Ralph Peters is a regular columnist with the New
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government overruled its generals and refused to expand the
ground war in southern Lebanon. Given the difficulties encountered
and the casualties suffered, the decision is understandable.
In the War
on Terror - combating Hezbollah's definitely part of it - you
have to finish what you start. You can't permit the perception
that the terrorists won. But that's where the current round
of fighting is headed.
Israelis, the town of Bint Jbeil is an embarrassment, an objective
that proved unexpectedly hard to take. But the town's a tactical
issue to the Israeli Defense Force, not a strategic one.
Ralph Peters - Contributor
Peters is a retired Army officer and the author of 19 books,
as well as of hundreds of essays and articles, written both
under his own name and as Owen Parry. He is a frequent columnist
for the New York Post and other publications. [go to Peters Index]
For Hezbollah, it's Stalingrad, where the Red Army stopped
the Germans. And that's how terrorist propagandists will mythologize
Considering only the military facts, the IDF's view is correct.
But the Middle East has little use for facts. Perception is what
counts. To the Arab masses, Hezbollah's resistance appears heroic,
triumphant - and inspiring. We don't have to like it, but it's
So why is defeating Hezbollah such a challenge? Israel smashed
one Arab military coalition after another, from 1948 through
1973. Arabs didn't seem to make good soldiers.
Now we see Arabs fighting tenaciously and effectively. What
The answer's straightforward:
Different cultures fight for different things. Arabs might
jump up and down, wailing, "We
will die for you Saddam!" But, in the clinch, they don't - they
surrender. Conventional Arab armies fight badly because their
conscripts and even the officers feel little loyalty to the states
they serve - and even less to self-anointed national leaders.
But Arabs will fight to the bitter end for their religion,
their families and the land their clan possesses. In southern
Lebanon, Hezbollah exploits all three motivations. The Hezbollah
guerrilla waiting to ambush an Israeli patrol believes he's fighting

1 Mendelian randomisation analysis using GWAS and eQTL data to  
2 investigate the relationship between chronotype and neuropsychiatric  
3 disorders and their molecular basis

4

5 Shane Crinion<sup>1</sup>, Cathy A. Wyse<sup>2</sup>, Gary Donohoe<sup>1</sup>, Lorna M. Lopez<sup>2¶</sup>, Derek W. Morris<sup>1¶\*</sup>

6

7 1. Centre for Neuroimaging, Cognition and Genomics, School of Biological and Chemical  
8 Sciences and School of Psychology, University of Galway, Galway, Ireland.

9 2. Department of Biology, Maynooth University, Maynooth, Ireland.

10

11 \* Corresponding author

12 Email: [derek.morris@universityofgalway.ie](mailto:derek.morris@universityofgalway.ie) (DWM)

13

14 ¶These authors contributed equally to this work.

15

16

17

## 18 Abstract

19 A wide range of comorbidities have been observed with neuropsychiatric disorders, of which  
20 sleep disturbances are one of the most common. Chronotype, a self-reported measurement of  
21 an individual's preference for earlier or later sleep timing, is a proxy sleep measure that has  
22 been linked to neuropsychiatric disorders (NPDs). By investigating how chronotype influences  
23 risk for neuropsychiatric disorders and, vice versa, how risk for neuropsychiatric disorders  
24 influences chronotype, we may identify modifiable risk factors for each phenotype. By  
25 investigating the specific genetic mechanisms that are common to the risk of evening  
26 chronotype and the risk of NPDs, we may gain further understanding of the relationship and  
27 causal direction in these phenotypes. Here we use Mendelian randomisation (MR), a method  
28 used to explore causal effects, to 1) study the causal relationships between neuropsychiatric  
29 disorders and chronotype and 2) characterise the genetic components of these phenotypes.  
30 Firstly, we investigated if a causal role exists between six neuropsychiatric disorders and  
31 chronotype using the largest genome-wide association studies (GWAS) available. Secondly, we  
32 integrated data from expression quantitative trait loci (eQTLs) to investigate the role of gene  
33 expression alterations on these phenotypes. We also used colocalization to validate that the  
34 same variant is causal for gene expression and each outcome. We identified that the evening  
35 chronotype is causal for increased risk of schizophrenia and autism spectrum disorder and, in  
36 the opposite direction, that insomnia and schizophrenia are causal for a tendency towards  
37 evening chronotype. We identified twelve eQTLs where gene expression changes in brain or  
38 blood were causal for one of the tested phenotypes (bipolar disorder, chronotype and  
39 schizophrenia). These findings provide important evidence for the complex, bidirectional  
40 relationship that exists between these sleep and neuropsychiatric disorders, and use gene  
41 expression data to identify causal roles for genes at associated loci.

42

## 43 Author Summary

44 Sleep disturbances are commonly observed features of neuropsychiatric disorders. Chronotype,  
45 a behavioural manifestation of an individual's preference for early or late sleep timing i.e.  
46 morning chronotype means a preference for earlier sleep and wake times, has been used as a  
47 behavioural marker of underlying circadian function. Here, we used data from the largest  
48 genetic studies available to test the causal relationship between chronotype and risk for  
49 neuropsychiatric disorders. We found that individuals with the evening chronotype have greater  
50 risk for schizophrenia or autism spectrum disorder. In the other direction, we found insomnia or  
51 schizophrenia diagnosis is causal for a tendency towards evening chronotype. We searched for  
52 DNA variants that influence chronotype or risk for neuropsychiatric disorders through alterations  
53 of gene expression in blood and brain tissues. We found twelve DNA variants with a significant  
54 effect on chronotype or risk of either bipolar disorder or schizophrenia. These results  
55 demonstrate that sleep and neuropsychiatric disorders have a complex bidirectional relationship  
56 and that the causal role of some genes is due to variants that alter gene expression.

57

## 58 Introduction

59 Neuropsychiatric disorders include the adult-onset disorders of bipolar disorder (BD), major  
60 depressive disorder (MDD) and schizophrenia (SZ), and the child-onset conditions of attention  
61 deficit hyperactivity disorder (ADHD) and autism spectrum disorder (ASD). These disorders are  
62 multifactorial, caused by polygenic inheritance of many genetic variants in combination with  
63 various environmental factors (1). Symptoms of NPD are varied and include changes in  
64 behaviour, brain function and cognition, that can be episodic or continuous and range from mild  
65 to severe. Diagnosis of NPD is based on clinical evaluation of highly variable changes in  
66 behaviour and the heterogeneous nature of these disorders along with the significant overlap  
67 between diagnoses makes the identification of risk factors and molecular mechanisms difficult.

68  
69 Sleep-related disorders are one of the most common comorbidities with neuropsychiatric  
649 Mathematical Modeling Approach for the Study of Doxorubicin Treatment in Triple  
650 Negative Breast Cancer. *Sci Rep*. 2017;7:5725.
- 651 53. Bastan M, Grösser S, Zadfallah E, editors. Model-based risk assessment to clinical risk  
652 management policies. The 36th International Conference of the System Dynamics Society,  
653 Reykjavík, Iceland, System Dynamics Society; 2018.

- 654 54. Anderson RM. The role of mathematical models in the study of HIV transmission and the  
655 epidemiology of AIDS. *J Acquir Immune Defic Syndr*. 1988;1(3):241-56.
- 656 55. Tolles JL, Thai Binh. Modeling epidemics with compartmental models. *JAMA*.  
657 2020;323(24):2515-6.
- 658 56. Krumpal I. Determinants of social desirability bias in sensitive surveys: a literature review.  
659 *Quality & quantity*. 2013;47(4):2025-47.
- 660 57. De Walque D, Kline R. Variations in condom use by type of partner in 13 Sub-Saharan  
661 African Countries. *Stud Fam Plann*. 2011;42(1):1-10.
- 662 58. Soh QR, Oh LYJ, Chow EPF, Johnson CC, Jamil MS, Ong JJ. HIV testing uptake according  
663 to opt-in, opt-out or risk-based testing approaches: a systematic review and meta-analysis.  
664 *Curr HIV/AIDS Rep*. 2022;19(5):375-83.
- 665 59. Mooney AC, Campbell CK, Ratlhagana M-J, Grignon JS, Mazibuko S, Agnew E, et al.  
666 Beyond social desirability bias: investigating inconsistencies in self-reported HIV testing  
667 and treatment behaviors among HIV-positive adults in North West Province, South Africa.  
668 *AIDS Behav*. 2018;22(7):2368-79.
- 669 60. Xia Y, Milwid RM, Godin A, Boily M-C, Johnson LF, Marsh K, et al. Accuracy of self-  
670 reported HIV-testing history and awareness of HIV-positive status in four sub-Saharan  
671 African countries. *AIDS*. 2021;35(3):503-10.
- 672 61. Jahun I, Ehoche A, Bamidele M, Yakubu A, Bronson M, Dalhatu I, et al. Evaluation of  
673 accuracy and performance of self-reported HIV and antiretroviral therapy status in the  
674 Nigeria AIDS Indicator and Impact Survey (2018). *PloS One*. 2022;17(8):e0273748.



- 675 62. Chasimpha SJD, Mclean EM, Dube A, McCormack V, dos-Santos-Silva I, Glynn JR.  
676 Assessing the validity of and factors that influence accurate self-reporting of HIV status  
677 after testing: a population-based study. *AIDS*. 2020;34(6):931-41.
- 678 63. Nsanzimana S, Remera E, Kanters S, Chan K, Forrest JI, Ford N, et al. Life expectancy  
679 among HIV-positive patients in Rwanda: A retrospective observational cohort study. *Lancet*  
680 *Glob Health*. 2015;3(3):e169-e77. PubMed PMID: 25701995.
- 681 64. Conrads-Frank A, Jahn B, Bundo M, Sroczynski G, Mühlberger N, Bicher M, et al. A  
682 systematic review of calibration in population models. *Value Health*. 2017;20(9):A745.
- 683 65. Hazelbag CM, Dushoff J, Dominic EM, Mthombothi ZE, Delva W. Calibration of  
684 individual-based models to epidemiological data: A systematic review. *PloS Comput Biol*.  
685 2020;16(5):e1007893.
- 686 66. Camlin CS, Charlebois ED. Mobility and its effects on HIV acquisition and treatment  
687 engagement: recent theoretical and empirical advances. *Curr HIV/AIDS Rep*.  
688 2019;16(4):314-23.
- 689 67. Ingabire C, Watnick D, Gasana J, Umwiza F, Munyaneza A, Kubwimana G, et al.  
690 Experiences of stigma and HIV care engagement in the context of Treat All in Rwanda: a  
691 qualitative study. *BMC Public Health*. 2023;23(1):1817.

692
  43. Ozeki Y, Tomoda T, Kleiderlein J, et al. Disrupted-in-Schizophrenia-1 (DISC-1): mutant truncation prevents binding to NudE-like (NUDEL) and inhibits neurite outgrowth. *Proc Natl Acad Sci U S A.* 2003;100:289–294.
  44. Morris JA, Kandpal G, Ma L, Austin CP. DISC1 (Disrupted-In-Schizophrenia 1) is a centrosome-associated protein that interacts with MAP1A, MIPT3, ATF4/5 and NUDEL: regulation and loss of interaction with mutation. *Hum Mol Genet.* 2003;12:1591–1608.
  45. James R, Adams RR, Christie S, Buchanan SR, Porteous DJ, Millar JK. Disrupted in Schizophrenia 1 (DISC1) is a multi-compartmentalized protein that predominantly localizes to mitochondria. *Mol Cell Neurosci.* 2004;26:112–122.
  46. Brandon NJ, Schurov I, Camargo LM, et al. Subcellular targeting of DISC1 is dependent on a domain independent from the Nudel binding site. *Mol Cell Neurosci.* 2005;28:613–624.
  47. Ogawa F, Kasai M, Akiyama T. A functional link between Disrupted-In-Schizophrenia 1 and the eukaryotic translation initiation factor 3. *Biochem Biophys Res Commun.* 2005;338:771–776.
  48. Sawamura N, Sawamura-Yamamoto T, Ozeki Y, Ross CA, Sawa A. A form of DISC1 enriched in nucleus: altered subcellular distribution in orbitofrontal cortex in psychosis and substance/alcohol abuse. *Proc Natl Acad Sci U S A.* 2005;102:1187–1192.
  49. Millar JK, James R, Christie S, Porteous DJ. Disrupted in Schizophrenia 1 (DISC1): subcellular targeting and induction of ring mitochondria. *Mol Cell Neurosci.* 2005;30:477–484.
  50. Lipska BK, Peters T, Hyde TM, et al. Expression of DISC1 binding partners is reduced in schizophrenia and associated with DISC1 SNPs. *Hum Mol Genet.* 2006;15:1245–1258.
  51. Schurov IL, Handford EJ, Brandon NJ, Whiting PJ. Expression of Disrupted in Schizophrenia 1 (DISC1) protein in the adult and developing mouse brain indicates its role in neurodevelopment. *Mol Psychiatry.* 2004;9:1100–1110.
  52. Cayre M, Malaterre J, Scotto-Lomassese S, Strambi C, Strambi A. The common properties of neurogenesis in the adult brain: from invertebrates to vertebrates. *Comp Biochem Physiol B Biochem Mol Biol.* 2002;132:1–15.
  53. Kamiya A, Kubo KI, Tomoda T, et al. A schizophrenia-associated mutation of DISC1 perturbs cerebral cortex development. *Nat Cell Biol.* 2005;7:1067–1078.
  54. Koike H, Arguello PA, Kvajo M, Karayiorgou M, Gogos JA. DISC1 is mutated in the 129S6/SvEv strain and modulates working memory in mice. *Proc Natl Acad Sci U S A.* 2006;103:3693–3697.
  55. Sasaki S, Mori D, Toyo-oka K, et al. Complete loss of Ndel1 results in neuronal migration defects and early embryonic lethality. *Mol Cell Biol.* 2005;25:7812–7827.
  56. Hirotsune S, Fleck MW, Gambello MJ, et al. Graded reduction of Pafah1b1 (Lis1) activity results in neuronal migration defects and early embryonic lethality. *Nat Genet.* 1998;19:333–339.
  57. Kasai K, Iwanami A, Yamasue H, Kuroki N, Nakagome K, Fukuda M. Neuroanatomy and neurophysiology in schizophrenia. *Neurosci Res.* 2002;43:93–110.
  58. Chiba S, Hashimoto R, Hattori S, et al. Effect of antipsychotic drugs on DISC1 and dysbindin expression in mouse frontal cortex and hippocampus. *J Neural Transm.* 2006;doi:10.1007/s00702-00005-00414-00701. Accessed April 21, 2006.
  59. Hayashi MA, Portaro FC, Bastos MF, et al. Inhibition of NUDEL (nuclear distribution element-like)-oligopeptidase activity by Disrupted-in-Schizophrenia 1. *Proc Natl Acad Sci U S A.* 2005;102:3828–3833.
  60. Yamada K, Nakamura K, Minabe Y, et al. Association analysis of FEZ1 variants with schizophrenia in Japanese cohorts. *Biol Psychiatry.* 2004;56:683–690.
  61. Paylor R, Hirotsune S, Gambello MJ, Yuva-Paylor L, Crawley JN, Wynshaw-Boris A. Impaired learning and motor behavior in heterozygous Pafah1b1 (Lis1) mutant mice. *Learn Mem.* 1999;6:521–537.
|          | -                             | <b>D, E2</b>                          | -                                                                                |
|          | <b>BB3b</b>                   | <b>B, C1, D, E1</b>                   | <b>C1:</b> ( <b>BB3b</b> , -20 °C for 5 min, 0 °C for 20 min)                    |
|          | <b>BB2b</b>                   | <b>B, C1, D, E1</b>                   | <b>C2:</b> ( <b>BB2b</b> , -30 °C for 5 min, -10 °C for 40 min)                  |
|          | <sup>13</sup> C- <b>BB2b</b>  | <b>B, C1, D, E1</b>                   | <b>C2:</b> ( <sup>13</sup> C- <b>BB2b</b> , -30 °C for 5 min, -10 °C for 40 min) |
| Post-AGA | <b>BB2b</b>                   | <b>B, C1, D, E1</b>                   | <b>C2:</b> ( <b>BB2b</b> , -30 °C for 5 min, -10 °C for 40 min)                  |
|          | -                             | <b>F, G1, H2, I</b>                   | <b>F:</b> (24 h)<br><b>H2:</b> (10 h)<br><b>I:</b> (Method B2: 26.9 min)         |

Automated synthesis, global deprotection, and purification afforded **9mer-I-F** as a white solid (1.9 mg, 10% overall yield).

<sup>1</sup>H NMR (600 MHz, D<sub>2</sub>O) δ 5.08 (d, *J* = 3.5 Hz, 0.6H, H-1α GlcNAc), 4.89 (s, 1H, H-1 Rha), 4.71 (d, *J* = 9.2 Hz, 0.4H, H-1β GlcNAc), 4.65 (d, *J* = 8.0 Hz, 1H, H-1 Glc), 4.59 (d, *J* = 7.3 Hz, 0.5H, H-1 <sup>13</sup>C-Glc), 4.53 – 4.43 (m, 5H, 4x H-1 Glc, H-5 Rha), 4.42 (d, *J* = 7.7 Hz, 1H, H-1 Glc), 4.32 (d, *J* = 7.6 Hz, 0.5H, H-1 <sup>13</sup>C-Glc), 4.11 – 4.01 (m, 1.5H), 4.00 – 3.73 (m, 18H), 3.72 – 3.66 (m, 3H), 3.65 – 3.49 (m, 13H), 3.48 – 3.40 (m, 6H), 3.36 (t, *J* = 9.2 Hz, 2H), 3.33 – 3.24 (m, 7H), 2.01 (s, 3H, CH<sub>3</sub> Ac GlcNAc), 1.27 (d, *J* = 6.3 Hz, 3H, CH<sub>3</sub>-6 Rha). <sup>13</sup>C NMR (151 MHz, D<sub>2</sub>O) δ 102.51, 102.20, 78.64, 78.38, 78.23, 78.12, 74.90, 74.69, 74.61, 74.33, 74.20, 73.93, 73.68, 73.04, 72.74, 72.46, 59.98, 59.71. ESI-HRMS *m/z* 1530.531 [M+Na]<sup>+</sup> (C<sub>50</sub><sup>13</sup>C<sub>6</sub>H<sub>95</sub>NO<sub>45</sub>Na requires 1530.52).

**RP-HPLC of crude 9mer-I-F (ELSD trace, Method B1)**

for his faith, his family and the earth beneath his feet. He'll
kill anyone and give his own life to win.
We all need to stop
making cartoon figures of such enemies. Hezbollah doesn't have
tanks or jets, but it poses the toughest
military problem Israel's ever faced. And Hezbollah may be the
new model for Middle Eastern "armies."
The IDF's errors played into Hezbollah's hands. Initially relying
on air power, the IDF ignored the basic military principles of
surprise, mass and concentration of effort. Instead of aiming
a shocking, concentrated blow at Hezbollah, the IDF dissipated
its power by striking targets scattered throughout Lebanon -
while failing to strike any of them decisively.
Even now, in the struggle for a handful of border villages,
the IDF continues to commit its forces piecemeal - a lieutenant's
mistake. Adding troops in increments allows the enemy to adjust
to the increasing pressure - instead of being crushed by one
This is also an expensive fight for Israel in another way:
financially. The precision weapons on which the IDF has relied
so heavily - and to so little effect - cost anywhere from hundreds
of thousands of dollars to seven figures per round. Israel has
expended thousands of such weapons in an effort to spare its
Theoretically, that's smart. But we don't live in a theoretical
world. Such weapons are so expensive that arsenals are small.
The United States already has had to replenish Israel's limited
stockpiles - and our own supplies would not support a
long war. In Operation Iraqi Freedom, a relatively easy win,
we were running low on some specialized munitions within three
Precision weapons also rely on precision intelligence. It doesn't
matter how accurate the bomb is if you can't find the
target. And Israel's targeting has been poor. It even appears
that Hezbollah managed to feed the IDF phony intelligence, triggering
attacks on civilian targets and giving the terrorists a series
of media wins.
The precision-weapons cost/benefit trade-offs aren't impressive,
either. Killing a terrorist leader with a million-dollar bomb
is a sound investment, but using hundreds of them to attack cheap,
antiquated rocket launchers gets expensive fast.
Just as the U.S. military learned painful lessons about technology's
limits in Iraq, the IDF is getting an education now: There's
still no replacement for the infantryman; wars can't be won nor
terrorists defeated from the air; and war is ultimately a contest
Those of us who support Israel and wish its people well have
to be alarmed. Jerusalem's talking tough - while backing off
in the face of Hezbollah's resistance. Israel's on-stage in a
starring role right now, and it's too late to call for a re-write.
As a minimum, the IDF has to pull off a hat trick (killing
Hezbollah's leader, Hassan Nasrallah, would be nice) in order
to prevent the perception of a Hezbollah victory - a perception
that would strengthen the forces of terror immeasurably.
If this conflict ends with rockets still falling on Haifa,
Israel's enemies will celebrate Hezbollah as the star of the
Terrorist Broadway (Ayman al-Zawahiri's recent rap videos were
an attempt to edge into Hezbollah's limelight). Israel - and
the civilized world - can't afford that.
Yes, Israel's casualties are painful and, to the IDF, unexpected.
But Hezbollah isn't counting its casualties - it's concentrating
on fighting. In warfare, that's the only approach that works.
Israel and its armed forces are rightfully proud of all they
have achieved in the last six decades. But they shouldn't be
too proud to learn from their enemies: In warfare, strength of
will is the greatest virtue. CRO
latest book is Never
Quit The Fight.
piece first appeared in the New York Post
copyright 2006 - NY Post